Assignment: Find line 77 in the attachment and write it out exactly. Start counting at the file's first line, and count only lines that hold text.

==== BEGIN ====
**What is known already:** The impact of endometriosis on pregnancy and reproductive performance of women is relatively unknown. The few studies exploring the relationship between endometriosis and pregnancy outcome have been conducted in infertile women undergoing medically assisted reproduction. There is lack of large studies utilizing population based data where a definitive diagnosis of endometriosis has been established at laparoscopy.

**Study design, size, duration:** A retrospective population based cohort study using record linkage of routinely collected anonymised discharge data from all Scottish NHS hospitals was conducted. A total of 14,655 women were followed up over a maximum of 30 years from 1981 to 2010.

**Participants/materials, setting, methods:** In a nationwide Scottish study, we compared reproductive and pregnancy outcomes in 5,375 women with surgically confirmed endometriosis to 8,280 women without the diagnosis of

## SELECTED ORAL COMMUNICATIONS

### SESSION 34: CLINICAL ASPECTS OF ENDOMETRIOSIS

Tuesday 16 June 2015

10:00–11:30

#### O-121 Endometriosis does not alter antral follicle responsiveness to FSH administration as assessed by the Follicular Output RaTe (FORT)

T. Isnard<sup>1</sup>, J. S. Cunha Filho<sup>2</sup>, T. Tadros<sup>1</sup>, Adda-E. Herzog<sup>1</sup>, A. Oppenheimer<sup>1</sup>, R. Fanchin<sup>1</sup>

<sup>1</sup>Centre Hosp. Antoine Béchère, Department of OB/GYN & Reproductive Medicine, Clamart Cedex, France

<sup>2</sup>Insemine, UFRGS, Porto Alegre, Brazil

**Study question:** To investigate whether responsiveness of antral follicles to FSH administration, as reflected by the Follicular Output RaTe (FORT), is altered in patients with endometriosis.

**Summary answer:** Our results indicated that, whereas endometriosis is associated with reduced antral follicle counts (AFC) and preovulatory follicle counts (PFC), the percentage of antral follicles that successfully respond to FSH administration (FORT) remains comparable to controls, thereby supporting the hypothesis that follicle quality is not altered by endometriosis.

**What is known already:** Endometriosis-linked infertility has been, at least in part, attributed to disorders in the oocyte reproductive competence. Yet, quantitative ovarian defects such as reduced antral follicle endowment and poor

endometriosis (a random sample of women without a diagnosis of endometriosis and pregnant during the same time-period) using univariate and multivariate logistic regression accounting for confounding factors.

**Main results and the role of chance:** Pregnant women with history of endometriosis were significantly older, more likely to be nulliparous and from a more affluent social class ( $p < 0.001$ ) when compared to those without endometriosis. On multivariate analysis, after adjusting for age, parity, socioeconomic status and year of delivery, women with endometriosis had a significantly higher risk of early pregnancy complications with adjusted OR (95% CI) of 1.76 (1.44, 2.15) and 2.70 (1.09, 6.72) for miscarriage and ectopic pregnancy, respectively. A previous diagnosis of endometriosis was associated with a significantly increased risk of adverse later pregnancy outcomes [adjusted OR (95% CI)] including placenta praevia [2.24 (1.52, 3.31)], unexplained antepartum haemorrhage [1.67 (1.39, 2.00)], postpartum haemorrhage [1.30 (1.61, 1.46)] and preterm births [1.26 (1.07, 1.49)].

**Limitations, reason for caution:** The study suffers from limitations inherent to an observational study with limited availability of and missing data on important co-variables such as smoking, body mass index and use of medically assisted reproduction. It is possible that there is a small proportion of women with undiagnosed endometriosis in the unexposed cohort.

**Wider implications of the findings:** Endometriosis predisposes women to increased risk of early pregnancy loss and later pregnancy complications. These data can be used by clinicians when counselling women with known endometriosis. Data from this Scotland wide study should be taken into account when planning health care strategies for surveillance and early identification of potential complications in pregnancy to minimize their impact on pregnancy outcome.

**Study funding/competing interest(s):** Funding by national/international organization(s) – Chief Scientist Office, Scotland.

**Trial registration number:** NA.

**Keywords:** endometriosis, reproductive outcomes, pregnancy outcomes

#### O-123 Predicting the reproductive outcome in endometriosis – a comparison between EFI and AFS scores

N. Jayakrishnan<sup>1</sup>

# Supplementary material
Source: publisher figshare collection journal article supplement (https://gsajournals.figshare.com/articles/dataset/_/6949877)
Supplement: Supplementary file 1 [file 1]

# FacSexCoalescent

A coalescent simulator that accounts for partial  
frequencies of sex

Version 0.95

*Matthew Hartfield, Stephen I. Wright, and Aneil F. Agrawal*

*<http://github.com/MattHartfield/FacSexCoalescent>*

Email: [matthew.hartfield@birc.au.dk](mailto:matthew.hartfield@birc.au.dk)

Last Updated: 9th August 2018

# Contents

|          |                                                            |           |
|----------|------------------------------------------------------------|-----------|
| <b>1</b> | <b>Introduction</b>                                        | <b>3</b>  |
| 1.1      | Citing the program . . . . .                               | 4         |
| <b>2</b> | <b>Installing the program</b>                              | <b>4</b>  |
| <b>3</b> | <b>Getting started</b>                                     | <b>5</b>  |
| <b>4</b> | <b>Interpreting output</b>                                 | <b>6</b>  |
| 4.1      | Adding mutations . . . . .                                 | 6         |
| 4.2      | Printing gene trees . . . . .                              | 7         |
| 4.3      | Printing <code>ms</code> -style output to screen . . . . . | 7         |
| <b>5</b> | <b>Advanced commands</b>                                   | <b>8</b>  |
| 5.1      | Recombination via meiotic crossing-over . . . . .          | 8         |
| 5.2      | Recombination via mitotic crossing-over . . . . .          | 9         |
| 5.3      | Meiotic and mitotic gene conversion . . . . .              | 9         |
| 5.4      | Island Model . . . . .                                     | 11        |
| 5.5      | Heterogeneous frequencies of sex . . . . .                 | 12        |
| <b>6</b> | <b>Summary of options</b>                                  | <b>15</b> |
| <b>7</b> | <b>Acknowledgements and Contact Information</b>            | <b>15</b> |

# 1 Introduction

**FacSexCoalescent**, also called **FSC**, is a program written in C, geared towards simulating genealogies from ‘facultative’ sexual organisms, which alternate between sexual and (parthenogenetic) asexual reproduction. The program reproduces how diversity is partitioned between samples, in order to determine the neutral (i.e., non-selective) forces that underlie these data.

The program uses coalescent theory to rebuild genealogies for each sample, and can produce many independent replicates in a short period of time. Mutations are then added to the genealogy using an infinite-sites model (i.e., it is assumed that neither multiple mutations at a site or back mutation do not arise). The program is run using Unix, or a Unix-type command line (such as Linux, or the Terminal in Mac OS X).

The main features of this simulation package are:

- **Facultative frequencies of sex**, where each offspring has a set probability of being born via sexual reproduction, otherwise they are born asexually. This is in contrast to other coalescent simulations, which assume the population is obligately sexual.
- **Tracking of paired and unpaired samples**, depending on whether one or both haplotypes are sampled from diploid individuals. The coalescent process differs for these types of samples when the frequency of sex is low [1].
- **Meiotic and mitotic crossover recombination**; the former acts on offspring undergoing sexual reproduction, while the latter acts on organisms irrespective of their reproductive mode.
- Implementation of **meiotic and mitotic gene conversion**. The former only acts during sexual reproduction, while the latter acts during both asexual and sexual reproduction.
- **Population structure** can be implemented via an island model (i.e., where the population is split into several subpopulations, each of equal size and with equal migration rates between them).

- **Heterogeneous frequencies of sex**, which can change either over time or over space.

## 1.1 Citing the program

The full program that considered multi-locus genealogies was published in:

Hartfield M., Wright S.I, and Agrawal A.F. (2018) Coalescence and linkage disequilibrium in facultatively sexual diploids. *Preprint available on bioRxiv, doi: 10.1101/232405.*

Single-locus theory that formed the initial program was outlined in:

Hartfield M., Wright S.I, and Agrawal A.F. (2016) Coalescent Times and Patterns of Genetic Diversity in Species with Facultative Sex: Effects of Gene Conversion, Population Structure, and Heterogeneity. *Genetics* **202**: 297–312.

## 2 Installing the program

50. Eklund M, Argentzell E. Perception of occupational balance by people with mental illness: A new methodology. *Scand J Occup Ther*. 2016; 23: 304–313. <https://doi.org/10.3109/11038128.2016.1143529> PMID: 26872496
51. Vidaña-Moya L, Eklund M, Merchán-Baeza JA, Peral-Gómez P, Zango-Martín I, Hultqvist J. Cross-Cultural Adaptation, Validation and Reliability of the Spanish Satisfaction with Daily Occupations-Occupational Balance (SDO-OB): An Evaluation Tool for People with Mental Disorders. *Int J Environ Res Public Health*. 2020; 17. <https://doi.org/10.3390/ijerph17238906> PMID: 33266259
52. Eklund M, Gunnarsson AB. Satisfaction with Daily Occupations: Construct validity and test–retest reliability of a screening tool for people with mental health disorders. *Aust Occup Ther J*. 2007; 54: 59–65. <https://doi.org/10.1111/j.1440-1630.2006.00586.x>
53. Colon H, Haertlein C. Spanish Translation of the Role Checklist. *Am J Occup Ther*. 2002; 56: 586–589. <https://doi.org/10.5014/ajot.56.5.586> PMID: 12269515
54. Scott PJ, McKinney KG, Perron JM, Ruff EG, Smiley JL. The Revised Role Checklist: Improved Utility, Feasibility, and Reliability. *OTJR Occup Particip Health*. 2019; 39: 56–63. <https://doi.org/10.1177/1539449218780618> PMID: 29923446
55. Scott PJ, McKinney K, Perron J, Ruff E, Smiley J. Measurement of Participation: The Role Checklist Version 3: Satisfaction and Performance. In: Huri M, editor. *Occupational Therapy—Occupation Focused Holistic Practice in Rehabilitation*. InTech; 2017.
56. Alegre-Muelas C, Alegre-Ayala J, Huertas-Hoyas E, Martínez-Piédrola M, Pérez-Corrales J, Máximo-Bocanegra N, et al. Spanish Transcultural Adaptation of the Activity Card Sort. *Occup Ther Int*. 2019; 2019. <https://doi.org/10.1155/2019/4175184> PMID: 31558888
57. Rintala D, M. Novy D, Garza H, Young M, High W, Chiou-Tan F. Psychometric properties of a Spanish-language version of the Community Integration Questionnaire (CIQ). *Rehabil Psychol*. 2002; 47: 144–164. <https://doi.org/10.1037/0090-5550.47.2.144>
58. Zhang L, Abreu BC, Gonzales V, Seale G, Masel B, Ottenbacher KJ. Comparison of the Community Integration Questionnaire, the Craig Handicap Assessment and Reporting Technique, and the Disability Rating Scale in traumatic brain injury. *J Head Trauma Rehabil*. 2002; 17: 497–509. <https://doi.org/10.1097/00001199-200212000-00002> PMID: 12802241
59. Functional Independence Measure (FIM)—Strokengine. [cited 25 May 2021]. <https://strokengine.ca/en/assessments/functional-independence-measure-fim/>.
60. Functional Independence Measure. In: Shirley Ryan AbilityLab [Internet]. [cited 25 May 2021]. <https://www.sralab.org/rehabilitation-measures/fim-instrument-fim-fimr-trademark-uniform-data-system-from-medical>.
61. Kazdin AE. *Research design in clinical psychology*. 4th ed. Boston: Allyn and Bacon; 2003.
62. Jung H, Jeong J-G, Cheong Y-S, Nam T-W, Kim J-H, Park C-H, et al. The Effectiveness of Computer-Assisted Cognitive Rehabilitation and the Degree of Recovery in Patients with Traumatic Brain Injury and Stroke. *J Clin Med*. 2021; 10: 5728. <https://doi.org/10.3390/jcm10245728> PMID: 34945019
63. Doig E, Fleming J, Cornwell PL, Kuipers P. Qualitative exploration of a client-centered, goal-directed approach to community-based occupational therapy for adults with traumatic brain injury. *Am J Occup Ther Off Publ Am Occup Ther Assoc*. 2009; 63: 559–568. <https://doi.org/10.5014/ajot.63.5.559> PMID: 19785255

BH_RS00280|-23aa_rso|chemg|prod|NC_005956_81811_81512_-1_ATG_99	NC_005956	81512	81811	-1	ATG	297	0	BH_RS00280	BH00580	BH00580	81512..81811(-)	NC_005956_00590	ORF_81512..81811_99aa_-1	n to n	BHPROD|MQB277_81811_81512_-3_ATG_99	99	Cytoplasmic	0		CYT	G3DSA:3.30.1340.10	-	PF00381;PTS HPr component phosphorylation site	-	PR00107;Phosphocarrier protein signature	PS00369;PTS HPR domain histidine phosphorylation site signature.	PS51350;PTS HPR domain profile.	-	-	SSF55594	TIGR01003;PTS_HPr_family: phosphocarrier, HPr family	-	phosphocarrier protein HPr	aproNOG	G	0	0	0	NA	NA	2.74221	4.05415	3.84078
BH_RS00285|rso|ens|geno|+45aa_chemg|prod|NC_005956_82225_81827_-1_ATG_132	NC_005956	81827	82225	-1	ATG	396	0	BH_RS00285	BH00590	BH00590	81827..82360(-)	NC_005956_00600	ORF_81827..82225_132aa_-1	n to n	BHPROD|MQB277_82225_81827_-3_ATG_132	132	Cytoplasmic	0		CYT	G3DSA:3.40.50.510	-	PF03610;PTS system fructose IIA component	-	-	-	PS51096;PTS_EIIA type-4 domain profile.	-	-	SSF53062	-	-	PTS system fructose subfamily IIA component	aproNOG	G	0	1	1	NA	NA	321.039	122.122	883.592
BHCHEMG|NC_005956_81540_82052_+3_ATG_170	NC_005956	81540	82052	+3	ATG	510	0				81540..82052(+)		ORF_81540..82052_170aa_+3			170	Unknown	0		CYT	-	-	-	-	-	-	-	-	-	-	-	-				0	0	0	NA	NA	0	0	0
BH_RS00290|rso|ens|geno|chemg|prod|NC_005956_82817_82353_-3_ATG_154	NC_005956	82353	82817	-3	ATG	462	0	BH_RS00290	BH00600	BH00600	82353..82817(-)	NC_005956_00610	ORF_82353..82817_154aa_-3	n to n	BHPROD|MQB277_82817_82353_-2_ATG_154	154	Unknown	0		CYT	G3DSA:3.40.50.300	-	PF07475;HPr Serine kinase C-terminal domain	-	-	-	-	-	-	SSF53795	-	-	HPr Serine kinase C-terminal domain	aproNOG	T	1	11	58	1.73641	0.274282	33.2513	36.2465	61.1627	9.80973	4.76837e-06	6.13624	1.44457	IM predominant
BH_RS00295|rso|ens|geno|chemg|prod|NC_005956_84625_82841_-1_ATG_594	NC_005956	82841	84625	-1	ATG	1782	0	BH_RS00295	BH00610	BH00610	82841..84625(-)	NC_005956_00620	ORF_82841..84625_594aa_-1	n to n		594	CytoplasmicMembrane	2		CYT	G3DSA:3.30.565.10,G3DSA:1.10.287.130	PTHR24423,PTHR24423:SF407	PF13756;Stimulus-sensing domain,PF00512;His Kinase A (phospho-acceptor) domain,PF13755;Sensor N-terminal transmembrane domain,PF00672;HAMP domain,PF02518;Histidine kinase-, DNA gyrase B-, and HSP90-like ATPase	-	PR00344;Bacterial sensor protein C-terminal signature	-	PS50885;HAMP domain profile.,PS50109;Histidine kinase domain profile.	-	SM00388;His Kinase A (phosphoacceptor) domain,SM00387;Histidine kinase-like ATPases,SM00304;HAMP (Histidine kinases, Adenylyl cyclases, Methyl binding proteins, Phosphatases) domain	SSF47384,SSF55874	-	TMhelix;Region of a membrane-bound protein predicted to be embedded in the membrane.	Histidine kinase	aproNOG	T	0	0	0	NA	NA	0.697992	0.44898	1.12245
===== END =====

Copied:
57. Rintala D, M. Novy D, Garza H, Young M, High W, Chiou-Tan F. Psychometric properties of a Spanish-language version of the Community Integration Questionnaire (CIQ). *Rehabil Psychol*. 2002; 47: 144–164. <https://doi.org/10.1037/0090-5550.47.2.144>